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Downtown SF condo market is crashing, with units selling at cut prices

Downtown SF condo market is crashing, with units selling at cut prices
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San Francisco’s listless post-COVID recovery is battering the downtown condo market, with owners increasingly willing to sell at a discount amid continued tech layoffs and office closings, according to a new report from the real estate brokerage Compass.

Median sales prices for condos in the greater downtown area and South of Market district, which includes Civic Center, SoMa, Mission Bay, Yerba Buena and South Beach, are down 16.5% from a year earlier, according to the report. Since December of last year, the median sales price for condos has dropped from $1.475 million to $1.23 million in those neighborhoods.

The drop in median prices in downtown neighborhoods was double that of other parts of the city. Outside of the city center, the median price for condos fell 7% in the past year, while single-family homes fell 7.5%.

While real estate brokers tend to be bullish in their marketing materials, the Compass report doesn’t sugarcoat the current situation. It concludes that the fall in demand is being driven by “a triple whammy of economic, demographic and quality of life problems.”

“I knew that market segment had weakened, but I didn’t realize the degree to which things had changed,” said Patrick Carlisle, Compass’s chief market analyst. “It was a bit of a shock.”

The problems are both macro and micro.

Nationwide, you have a declining stock market, rising interest rates, and inflation. Meanwhile, downtown San Francisco lags other cities in office occupancy, and a lack of foot traffic is crippling small businesses and making the streets feel less safe. The high-rise housing that has sprung up south of Market Street over the past 20 years was meant to serve the hundreds of thousands of workers who poured into the city each morning. With those remote jobs, the demand for housing has decreased.

“San Francisco went from being the most popular office market in the world to one of the weakest,” Carlisle said.

Two recent sales reports at Lumina, a two-tower luxury complex south of Market, show how the market has changed, according to an analysis by Socketsite, an online publication that tracks San Francisco real estate.

The first involves a 1,791-square-foot, three-bedroom, three-bathroom unit on the 32nd floor of the tower at 338 Main St. That unit sold for $3.25 million in May 2016 and then traded again in August 2019 for $3.5 million. In September of this year it went on sale again with a listed price of $3.15 million, before finally selling in November for $2.68 million, a 23.4% drop from 2019.

Meanwhile, a two-bedroom unit in the same tower is trading for $2.6 million, which, if sold at that price, would represent a 21% decrease from its 2016 price of $3.295 million.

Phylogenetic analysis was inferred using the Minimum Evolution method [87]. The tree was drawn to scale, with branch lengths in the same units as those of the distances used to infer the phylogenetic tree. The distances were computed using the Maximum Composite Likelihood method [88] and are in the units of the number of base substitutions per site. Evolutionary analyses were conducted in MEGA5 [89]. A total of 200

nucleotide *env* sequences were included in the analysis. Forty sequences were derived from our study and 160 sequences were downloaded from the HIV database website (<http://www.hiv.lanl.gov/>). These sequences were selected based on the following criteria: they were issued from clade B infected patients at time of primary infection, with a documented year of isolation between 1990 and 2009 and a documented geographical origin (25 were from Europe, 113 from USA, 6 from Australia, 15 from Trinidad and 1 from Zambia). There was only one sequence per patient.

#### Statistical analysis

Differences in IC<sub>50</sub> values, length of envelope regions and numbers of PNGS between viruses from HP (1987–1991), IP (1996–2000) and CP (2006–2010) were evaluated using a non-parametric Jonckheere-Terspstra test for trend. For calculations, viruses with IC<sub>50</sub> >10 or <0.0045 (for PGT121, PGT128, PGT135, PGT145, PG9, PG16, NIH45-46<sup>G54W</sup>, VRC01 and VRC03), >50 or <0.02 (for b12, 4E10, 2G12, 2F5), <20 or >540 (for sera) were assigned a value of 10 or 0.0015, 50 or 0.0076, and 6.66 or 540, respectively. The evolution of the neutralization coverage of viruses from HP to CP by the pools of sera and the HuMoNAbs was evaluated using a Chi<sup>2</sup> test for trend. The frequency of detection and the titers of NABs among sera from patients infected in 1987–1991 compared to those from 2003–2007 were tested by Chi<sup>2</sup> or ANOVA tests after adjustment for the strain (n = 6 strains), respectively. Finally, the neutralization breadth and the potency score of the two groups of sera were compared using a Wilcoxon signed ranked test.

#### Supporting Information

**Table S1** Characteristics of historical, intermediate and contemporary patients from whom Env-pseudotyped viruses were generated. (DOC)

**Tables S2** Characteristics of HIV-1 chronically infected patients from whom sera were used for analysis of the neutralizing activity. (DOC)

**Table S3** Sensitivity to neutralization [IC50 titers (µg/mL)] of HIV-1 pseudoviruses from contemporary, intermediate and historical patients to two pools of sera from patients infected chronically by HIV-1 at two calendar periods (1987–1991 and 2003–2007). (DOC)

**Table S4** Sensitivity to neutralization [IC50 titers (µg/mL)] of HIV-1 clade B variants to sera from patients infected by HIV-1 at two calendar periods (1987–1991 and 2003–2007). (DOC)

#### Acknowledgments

While the current market presents an opportunity for buyers, the increase in interest rates to a maximum of 20 years offsets any savings that can be gained through the lower price point, Carlisle said. But for buyers with cash for a down payment, or those willing to gamble that they’ll be able to refinance at a lower interest rate in the future, there are opportunities.

“This is a good time for buyers to trade extremely aggressively,” he said. “If you see a unit you like, just ignore the asking price and decide how much you’re willing to pay for it. There are many sellers who just want to get on with it. If they can close a deal, they will, even if it falls well short of expectations.”

Real estate agent Kevin Birmingham of Park North Real Estate said the report is consistent with what he is seeing in the city. He just sold a condo in the Twin Peaks area that marketed for $695,000. It closed at $680,000. The seller expected to get $800,000.

As such, many prospective sellers are looking to rent out their units. “Listings are pulling out and going directly to the rental market,” Birmingham said.

Gregg Lynn of Sotheby’s International Realty, which focuses on the luxury condo market, said the optimism of 2021, when San Franciscans got vaccinated and began to feel comfortable in crowds again, turned into uncertainty.

Some families who shopped before the pandemic hoping to split their time between San Francisco and wine country or Tahoe have found they don’t have much of a reason to come to the city. Others bought downtown condos to be close to their children and grandchildren, only to have their children leave town.

“Many of our clients are not using their condos as much as they thought,” he said.

JK Dineen is a staff writer for the San Francisco Chronicle. Email: jdineen@sfchronicle.com Twitter: @sfjkdineen

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